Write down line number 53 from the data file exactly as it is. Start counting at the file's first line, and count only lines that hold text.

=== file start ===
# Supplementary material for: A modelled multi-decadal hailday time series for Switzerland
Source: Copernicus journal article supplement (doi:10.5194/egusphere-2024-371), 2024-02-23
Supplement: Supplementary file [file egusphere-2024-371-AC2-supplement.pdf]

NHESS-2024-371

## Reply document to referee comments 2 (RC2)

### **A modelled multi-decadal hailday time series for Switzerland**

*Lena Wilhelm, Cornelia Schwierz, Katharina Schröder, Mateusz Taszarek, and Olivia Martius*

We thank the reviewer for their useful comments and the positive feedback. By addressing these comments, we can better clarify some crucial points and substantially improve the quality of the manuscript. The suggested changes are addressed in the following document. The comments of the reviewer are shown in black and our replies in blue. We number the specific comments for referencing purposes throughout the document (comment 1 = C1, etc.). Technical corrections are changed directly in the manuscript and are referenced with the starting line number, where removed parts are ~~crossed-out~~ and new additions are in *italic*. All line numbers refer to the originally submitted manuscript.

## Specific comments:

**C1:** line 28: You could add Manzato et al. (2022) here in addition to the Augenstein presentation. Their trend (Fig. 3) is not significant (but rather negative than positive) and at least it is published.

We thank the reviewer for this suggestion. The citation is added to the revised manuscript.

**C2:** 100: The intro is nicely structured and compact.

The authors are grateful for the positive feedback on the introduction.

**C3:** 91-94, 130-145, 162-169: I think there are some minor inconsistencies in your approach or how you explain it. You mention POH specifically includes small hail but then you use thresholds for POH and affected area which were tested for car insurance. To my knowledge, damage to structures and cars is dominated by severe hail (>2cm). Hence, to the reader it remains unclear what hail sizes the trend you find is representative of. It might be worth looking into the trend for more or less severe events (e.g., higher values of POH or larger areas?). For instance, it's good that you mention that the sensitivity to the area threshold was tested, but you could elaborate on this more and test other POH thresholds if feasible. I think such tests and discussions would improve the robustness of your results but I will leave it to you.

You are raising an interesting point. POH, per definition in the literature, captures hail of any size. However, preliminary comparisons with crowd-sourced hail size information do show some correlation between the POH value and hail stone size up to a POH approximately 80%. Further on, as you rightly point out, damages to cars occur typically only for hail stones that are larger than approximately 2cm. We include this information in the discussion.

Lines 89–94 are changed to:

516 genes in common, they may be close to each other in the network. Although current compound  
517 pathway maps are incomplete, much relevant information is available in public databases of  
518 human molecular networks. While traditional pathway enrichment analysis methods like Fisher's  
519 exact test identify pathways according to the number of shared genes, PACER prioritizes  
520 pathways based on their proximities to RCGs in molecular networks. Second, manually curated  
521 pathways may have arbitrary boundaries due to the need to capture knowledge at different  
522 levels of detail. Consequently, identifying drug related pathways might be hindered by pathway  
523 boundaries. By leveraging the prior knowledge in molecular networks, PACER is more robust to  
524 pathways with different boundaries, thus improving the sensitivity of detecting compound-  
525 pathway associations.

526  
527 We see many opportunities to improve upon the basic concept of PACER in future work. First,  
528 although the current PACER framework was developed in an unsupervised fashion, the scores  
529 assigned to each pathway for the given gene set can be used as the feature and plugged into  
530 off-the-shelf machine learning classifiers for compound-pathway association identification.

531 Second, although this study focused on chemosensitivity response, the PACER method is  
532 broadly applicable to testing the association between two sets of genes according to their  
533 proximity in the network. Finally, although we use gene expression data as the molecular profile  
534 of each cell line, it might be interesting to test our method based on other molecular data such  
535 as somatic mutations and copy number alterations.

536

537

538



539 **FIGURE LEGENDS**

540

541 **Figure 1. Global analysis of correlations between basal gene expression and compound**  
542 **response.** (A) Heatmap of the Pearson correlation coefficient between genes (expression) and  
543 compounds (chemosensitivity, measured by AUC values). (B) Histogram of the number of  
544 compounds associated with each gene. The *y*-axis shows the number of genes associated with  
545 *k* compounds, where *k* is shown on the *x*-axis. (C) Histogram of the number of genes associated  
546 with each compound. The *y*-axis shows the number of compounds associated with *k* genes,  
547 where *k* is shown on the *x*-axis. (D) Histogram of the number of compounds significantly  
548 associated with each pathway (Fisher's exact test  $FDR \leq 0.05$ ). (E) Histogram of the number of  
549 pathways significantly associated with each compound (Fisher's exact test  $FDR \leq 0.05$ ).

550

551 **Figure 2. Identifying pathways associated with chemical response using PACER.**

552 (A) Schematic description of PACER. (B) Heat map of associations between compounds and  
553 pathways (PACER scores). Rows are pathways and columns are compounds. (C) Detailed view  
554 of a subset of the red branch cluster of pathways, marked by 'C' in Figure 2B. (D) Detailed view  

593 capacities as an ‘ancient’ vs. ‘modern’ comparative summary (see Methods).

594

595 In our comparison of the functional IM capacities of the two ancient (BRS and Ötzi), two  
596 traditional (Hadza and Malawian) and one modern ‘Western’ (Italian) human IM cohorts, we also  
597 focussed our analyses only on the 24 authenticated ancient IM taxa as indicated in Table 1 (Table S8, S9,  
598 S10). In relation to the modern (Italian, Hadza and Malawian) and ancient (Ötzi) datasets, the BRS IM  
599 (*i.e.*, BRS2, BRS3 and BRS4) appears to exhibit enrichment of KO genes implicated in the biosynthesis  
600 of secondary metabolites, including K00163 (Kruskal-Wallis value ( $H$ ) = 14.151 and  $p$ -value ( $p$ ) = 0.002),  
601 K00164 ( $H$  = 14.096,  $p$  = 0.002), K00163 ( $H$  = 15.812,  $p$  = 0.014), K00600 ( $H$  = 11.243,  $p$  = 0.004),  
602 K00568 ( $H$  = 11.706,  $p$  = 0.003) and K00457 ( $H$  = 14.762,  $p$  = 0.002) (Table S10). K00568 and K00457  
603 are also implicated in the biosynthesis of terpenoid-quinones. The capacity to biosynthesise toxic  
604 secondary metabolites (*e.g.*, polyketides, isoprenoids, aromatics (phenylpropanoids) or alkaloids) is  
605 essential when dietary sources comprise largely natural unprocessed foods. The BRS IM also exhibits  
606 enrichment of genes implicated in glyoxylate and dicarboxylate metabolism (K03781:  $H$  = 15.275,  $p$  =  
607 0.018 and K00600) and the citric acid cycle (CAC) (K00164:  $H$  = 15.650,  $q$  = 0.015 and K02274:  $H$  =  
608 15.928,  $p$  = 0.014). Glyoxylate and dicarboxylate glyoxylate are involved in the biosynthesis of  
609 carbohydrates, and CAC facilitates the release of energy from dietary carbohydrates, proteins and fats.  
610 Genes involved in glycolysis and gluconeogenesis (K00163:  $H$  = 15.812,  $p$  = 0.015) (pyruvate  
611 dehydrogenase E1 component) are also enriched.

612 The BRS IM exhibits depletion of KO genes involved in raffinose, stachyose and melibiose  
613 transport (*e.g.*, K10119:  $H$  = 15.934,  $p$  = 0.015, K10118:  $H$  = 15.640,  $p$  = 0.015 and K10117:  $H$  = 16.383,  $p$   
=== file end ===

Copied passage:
552 (A) Schematic description of PACER. (B) Heat map of associations between compounds and  